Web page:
The company stated that she did not exercise due diligence in inquiring about the status of the collections, leading to remittance differences.

The Court said that the irregularities were principally the collection supervisor’s duty and he should be the one actually held accountable.

As such, the court also found it a case of illegal dismissal.

Willful Breach of Trust

You’ll also have to make sure that the act on which the dismissal is based should be willful.

Willful breach is when it is clear that an employee is knowingly and deliberately acting other than he should.

In Alvarez vs. Golden Tri Bloc [G.R. 202158, Sept 25, 2013], a supervisor was dismissed after asking another employee to punch in his timecard for him.

The employee was dismissed for loss of trust.

The Supreme Court agreed with his dismissal because he had been previously disciplined several times for infractions.

In fact, he had been suspended before for asking another employee to punch in his timecard. He’d also been warned that he would be dismissed if he did it again.

He tried to claim that he had never been disciplined in his time with the company. However, the company presented several previous disciplinary actions.

Stating that he had deliberately misled the labor tribunals and that repetition of an offense clearly indicated willfulness, the Court upheld his dismissal.

Contrast this with the case of Sulpicio Lines vs. Gulde [G.R. No. 149930, February 22, 2002].

Gulde was dismissed as the company stated that he had worked with thieves to steal 4 basketballs.

The Supreme Court said that his case was one of illegal dismissal.

It quoted the Court of Appeals:

[I]t can be gleaned that the evidence presented in the case did not clearly prove that petitioner willfully breach his duty. It was not proven the indeed he connived with the thieves.

Willful breach is a very important consideration in this case, and you’ll need to prove it.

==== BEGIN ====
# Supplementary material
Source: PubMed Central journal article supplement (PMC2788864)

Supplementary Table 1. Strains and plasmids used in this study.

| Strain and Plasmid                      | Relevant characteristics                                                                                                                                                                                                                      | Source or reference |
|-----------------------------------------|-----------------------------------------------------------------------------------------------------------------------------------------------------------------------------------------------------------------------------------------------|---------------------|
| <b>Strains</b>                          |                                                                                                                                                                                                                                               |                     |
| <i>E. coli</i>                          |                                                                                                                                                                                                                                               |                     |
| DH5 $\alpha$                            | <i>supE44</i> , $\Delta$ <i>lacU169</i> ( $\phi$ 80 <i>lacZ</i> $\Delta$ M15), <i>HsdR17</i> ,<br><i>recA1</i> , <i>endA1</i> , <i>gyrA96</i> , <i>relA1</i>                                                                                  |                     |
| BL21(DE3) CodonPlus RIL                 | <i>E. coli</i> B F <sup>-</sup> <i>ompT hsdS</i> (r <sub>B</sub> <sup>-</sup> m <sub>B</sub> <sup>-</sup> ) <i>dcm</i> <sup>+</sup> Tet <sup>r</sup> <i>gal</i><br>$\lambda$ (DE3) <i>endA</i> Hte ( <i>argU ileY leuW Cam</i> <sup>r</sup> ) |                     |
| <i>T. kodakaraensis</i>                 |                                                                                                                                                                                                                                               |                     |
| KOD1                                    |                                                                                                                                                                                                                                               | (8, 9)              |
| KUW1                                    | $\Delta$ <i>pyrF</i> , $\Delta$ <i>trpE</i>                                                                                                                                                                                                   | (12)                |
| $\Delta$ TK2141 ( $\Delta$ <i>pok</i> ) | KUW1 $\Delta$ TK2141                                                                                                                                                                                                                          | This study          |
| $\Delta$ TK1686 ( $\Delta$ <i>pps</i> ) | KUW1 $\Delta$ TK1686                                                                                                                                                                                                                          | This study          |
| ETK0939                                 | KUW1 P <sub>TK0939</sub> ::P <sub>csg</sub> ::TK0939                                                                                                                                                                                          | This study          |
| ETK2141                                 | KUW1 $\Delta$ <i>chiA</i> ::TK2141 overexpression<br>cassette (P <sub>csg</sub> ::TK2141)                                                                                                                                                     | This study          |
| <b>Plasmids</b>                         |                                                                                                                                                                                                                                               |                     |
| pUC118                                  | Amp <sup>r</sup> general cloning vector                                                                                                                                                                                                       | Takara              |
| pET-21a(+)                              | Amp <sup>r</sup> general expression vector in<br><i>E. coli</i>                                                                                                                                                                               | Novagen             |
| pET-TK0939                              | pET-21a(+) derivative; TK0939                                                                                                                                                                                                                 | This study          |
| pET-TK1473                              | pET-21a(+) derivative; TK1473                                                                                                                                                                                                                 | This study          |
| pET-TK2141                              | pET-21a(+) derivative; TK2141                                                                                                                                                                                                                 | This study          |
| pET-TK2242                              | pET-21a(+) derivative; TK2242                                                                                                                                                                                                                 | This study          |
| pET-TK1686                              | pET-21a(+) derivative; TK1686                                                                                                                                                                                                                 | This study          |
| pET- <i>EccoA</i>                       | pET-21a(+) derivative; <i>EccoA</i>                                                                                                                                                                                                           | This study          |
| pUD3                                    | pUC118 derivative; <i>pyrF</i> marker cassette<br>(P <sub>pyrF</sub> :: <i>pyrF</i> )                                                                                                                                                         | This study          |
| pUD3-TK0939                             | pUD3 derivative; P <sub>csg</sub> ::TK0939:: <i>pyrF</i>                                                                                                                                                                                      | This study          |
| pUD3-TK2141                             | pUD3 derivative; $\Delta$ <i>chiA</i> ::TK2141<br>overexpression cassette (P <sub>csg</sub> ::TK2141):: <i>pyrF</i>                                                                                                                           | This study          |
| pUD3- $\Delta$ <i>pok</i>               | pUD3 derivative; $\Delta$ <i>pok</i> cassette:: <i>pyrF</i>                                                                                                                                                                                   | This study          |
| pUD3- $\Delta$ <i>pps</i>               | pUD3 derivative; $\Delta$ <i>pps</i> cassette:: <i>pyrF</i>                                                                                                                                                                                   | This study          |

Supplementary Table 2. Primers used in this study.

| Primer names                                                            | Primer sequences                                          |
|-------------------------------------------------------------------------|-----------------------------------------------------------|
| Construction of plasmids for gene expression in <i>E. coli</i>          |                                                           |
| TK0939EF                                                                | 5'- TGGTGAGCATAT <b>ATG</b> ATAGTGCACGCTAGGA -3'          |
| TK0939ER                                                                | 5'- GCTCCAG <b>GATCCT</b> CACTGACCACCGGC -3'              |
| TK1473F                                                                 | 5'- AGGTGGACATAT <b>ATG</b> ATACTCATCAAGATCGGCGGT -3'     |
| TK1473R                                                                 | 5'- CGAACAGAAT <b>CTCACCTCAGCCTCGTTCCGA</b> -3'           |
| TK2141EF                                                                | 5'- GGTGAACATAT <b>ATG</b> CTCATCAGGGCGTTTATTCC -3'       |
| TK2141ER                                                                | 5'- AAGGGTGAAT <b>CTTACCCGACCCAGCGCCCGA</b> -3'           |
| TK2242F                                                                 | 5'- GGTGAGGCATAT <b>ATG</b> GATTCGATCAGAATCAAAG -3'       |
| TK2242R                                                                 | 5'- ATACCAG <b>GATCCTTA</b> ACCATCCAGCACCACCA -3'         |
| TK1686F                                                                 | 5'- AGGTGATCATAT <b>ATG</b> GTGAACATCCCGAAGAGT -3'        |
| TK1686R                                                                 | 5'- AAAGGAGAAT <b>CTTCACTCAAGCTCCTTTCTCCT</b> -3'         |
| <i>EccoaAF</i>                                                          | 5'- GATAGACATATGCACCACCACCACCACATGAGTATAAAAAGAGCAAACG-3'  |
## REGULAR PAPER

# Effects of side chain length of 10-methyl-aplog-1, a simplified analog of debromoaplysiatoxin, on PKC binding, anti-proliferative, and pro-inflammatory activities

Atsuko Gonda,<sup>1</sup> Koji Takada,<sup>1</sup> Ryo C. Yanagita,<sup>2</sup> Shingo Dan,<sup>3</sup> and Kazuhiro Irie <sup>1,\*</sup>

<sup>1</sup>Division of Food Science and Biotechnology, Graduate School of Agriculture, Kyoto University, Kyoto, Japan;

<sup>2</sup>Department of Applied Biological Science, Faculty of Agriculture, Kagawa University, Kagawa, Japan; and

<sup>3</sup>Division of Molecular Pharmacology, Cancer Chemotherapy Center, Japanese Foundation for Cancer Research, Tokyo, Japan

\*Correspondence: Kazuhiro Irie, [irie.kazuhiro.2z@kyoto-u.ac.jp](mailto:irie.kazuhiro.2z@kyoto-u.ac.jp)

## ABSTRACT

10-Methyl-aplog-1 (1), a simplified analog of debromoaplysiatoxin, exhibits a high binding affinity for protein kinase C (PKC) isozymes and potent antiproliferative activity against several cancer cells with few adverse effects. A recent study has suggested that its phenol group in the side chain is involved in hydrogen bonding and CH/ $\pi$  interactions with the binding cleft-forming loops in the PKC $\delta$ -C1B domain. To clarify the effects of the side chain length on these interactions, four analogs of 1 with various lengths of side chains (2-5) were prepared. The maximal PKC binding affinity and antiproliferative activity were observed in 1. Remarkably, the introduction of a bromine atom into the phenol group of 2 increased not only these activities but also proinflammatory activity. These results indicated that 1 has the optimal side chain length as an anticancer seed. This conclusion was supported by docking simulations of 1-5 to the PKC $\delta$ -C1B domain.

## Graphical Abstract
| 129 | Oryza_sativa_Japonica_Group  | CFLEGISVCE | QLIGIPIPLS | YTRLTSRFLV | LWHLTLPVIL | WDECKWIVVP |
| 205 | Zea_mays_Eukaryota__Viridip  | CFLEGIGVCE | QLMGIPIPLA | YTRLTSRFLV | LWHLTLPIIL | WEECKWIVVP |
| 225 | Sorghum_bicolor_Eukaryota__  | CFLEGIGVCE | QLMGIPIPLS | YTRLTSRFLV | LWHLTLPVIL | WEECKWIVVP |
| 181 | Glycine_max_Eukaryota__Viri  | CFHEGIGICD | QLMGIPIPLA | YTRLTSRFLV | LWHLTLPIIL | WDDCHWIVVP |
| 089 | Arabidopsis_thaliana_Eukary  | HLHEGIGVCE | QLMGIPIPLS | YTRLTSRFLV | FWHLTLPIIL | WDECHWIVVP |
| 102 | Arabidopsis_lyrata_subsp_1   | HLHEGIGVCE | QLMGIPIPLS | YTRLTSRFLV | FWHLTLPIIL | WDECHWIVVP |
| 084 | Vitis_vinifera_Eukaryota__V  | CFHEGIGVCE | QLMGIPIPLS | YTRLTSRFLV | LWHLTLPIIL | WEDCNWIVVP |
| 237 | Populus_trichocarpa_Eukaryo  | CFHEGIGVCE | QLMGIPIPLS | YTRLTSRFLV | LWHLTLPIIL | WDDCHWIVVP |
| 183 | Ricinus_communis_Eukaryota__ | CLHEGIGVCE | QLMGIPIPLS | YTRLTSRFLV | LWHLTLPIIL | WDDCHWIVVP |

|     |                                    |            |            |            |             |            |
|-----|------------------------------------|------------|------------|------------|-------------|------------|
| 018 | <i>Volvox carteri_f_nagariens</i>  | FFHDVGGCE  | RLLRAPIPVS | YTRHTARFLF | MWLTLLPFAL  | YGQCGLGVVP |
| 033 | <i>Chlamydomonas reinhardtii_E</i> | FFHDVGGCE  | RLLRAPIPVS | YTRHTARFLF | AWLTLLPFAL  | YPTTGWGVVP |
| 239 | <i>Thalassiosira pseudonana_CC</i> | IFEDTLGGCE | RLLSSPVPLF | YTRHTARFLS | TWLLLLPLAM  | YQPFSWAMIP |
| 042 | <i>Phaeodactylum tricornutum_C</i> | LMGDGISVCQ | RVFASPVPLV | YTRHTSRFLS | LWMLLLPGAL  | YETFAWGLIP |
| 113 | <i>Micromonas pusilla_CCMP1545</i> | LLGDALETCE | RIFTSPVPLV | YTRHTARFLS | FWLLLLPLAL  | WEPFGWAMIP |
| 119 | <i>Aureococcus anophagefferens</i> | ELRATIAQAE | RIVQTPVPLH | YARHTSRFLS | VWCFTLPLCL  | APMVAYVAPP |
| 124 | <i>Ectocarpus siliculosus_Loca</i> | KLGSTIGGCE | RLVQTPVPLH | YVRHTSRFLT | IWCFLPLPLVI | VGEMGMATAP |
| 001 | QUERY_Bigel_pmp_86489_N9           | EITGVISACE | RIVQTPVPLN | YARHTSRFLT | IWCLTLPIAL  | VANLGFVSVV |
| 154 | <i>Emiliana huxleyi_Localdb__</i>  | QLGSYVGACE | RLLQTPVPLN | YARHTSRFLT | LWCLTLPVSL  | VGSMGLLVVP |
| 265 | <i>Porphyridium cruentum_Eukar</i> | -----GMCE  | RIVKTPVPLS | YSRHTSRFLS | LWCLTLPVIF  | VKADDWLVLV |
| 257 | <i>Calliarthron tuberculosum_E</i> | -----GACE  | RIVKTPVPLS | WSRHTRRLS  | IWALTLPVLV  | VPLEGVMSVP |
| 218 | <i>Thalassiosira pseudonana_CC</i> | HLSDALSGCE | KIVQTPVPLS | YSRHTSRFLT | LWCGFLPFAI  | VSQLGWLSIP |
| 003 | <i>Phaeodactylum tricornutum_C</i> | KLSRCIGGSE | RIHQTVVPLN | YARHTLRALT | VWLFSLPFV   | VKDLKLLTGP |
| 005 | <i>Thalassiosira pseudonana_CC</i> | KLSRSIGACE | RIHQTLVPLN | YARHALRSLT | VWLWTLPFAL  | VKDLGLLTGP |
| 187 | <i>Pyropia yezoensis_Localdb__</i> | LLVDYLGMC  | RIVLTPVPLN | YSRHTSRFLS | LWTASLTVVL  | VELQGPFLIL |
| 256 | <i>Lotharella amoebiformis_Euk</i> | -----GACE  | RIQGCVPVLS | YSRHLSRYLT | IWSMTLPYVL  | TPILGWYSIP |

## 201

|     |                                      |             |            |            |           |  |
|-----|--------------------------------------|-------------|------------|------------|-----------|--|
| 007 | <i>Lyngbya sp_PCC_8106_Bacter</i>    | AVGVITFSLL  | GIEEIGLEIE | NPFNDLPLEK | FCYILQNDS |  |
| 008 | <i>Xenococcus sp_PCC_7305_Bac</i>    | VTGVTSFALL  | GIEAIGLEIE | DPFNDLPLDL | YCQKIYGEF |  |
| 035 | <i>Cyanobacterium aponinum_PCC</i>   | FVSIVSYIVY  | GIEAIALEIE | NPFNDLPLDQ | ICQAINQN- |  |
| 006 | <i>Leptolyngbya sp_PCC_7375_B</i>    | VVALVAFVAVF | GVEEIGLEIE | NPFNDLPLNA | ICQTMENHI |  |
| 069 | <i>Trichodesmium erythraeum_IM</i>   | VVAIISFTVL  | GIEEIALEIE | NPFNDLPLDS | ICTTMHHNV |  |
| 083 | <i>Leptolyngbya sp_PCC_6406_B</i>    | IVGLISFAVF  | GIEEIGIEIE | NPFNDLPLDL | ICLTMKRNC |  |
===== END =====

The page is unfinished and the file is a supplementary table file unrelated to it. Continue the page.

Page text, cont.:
Substantial Evidence

Also, you’ll need sufficient evidence for the dismissal to be valid.

There are several levels of evidence but the Court only requires evidence to be “substantial …founded on clearly established facts” [G.R. 149930, Feb 22, 2002] in dismissal cases.

You’ll have to present proof for your reason for dismissal.

The Supreme Court has found illegal dismissal in cases where insufficient evidence was found to support the claim.

For instance, while Marlyn Cuevas was remiss in her duties the court dismissed other allegations for being unsubstantiated [G.R. 169523, Jun 16, 2010].

The company had accused her of irregularities in her approval of reimbursements and that insufficient accounting standards were followed leading to further irregularities in the Petty Cash Fund.

In the words of the Court:

Indeed, the consistent rule is that if doubts exist between the evidence presented by the employer and the employee, the scales of justice must be tilted in favor of the latter. The employer must affirmatively show rationally adequate evidence that the dismissal was for justifiable cause. Thus, when the breach of trust or loss of confidence alleged is not borne by clearly established facts, as in this case, such dismissal on the cited grounds cannot be allowed.


So going back to that cashier suspected of stealing from her revolving fund at the beginning of this article, yes you can terminate.

It’s clearly a position of trust and part of her duties to remit the cash to her employer.

You will have to present substantial proof that this was willful.

You will also have to follow due process, but this is a very clear cut case of loss of trust. and confidence.